Rejoice, landlords! Sorry, tenants

ForRentSignFor some time, there’s been reporting on the trend toward residential leasing as the housing sector continues limping along. Leasing is chic and the stigma around it is slowly fading. People that are fully capable of buying are sitting still or trying out new areas of town while others have no choice and are living in rentals due to foreclosure. Either way, “rent” is no longer a cuss word.

Rental rates have been going up considerably over the last year and it appears it is accelerating, rising at a rate beating most economists’ projections for 2011. A new report released by real estate search site reveals that residential rental listing prices have jumped 6.7% from June 2010 with the fringe listings of studio and five bedroom apartments escalating most rapidly. says that “this is a telling trend which may indicate a growing demand for rental housing among first time renters and larger families” but we see it more as a supply and demand issue in that studios and very large rental units are less common (low supply) and because rentals of all sizes are in high demand right now, it appears a premium is being set on studios and five bedroom units.

In most cases, the rapid rise in rent has occurred in 2010 rather than a slow increase over the past twelve months. We are seeing consumers flocking to their chosen social networks, flustered that their landlord is screwing them over and are being met with the harsh reality that it isn’t their landlord, it is the entire market. Times have been rough for landlords, is this the time to recoup the losses met since 2008? In some markets, rents have been held down but national trends are allowing an increase as perception of the market is softening.

Rental trends graphed:


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Harvard Study Warns of Rent Bubble

housing_bubble_861feFor renters, the national recovery could be very bad news. That warning came from the Harvard Joint Center for Housing Studies’ latest report on America’s rental housing. Rental markets are now tightening, with vacancy rates falling and rents climbing. With little new supply of multifamily units in the pipeline, rents could rise sharply as demand increases. Regardless, affordability is likely to deteriorate further over the next few years as persistently high unemployment limits renter income gains.

When job growth regains momentum, the number of renter households could climb quickly. Given the long lead times needed to develop new multifamily housing, a sharp increase in demand could quickly reduce vacancy rates and put upward pressure on rents. While this would be good news for owners and investors in rental housing, it would also fuel the intense affordability pressures, the study warns.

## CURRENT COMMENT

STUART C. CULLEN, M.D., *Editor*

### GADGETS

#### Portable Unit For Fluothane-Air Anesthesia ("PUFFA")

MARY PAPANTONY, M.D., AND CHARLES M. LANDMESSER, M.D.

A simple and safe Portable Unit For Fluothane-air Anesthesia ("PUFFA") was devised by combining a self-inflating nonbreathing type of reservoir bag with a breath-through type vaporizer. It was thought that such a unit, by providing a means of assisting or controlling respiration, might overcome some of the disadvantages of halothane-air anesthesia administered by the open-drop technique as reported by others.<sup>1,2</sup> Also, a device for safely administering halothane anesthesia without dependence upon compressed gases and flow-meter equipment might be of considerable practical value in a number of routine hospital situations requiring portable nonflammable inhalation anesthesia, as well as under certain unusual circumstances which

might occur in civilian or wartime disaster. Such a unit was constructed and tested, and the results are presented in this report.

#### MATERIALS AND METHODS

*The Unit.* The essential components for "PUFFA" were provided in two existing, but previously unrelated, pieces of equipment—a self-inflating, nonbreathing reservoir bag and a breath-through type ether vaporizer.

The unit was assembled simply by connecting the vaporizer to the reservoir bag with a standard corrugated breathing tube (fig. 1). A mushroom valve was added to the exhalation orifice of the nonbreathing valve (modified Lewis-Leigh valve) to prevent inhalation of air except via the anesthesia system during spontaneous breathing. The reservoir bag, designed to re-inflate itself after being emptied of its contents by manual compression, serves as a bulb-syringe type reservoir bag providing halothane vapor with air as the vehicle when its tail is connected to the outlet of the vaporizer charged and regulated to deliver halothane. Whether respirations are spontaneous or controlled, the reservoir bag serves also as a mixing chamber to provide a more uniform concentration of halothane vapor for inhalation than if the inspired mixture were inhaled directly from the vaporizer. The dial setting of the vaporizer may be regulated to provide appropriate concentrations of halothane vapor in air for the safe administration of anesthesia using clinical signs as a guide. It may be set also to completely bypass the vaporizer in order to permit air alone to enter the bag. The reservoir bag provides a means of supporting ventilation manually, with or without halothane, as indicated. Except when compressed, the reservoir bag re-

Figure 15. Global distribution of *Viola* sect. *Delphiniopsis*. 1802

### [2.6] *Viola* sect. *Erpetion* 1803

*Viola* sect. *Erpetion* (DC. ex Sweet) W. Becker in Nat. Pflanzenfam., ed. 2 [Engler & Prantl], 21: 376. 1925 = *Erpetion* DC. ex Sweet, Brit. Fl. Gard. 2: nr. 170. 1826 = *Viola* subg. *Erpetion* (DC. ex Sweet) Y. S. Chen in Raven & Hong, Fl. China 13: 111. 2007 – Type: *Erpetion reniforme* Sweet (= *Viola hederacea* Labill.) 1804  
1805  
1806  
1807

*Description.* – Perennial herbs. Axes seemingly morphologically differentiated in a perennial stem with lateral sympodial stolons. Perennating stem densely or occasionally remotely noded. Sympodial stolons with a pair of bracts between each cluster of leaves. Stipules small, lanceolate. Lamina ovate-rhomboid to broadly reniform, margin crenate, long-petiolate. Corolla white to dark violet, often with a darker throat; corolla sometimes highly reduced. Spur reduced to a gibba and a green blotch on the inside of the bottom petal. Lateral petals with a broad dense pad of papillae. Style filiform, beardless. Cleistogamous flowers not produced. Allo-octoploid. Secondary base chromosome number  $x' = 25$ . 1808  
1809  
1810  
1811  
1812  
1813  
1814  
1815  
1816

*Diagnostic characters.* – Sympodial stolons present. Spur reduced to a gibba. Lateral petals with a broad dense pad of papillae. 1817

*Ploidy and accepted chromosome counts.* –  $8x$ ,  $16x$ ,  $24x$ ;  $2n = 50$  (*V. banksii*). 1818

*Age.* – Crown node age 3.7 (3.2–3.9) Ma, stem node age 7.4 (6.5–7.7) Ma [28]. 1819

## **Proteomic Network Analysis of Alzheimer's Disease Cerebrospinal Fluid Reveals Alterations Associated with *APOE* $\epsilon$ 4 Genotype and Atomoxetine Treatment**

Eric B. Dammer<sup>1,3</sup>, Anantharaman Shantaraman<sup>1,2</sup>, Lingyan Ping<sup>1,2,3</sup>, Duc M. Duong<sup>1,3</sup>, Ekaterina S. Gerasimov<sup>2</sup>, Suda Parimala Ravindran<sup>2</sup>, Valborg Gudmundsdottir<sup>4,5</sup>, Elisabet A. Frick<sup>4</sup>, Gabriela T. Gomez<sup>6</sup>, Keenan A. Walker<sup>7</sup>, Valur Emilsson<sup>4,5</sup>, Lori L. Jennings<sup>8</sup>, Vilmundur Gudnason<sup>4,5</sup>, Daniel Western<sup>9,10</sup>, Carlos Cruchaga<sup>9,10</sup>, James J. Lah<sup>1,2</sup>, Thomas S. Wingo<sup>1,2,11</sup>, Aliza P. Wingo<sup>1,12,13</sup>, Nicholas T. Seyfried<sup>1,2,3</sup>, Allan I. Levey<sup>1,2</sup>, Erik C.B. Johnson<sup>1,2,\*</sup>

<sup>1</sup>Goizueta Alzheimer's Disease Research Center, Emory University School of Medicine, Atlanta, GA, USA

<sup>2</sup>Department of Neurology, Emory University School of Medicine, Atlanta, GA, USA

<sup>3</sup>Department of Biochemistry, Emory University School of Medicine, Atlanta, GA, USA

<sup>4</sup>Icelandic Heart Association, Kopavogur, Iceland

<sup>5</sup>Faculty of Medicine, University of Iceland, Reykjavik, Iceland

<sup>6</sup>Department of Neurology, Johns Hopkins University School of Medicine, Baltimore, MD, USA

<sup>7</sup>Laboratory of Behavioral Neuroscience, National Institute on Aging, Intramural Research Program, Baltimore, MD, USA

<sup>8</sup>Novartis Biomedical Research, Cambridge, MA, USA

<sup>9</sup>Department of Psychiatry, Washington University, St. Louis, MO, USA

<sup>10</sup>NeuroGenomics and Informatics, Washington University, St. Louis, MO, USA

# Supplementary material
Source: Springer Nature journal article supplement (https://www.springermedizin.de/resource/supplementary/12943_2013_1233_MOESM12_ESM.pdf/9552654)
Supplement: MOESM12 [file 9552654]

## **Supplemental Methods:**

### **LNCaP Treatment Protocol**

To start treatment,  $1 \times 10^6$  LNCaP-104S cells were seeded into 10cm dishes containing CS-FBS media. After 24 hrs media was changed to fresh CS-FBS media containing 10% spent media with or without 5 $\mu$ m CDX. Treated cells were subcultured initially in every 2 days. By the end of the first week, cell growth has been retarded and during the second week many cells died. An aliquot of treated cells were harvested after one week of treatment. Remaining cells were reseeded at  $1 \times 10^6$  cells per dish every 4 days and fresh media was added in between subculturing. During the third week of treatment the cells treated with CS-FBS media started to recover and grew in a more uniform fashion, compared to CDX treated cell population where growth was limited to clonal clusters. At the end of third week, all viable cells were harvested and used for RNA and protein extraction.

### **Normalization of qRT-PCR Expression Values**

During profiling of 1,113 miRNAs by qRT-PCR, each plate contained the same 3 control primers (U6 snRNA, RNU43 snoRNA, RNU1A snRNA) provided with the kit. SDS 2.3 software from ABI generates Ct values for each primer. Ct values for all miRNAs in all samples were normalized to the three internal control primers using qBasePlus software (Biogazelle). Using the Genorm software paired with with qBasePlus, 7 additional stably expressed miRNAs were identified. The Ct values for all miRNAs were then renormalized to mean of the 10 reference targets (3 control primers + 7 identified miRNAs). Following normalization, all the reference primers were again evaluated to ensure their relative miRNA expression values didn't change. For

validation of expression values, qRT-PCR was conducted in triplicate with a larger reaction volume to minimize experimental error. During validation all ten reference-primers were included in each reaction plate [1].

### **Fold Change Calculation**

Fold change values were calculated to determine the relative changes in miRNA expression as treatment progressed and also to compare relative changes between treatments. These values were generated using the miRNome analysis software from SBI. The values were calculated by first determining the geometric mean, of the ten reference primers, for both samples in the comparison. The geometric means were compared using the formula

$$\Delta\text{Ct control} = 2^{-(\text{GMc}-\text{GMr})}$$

A variety of rental market indicators suggest that the worst repercussions from the recession may be over. While this is good news for most of us, especially property owners, the recovery may increase the rent pressures on households still struggling in an environment of sluggish job growth. The ongoing foreclosure crisis should continue to spur growth in the number of renter households as former owners switch to renting. Single-family home foreclosures will also add a steady flow of units to the rental market. The ability of renter households to occupy these homes will be an important factor in maintaining the stability of distressed neighborhoods hard hit by the foreclosure crisis.

Although there appears to be an excess supply of rental housing at present, this could change quickly as the economy recovers and household formation among younger adults returns to a more typical pace. An upsurge in demand could outstrip the available supply and push construction activity back up, the study says.

One of the most important questions going forward is whether mortgage financing will be available to fuel rental property purchases and investments. Even before the financial crisis, Fannie Mae and Freddie Mac were an important source of financing for both multifamily and investor-owned single family properties. And during the crisis, the GSEs—along with FHA—accounted for the vast majority of new financing. As Congress takes up debate about what, if any, role the GSEs should play in the mortgage markets, policymakers must consider the vital importance they have as a source of capital for rental housing.

By Steve Cook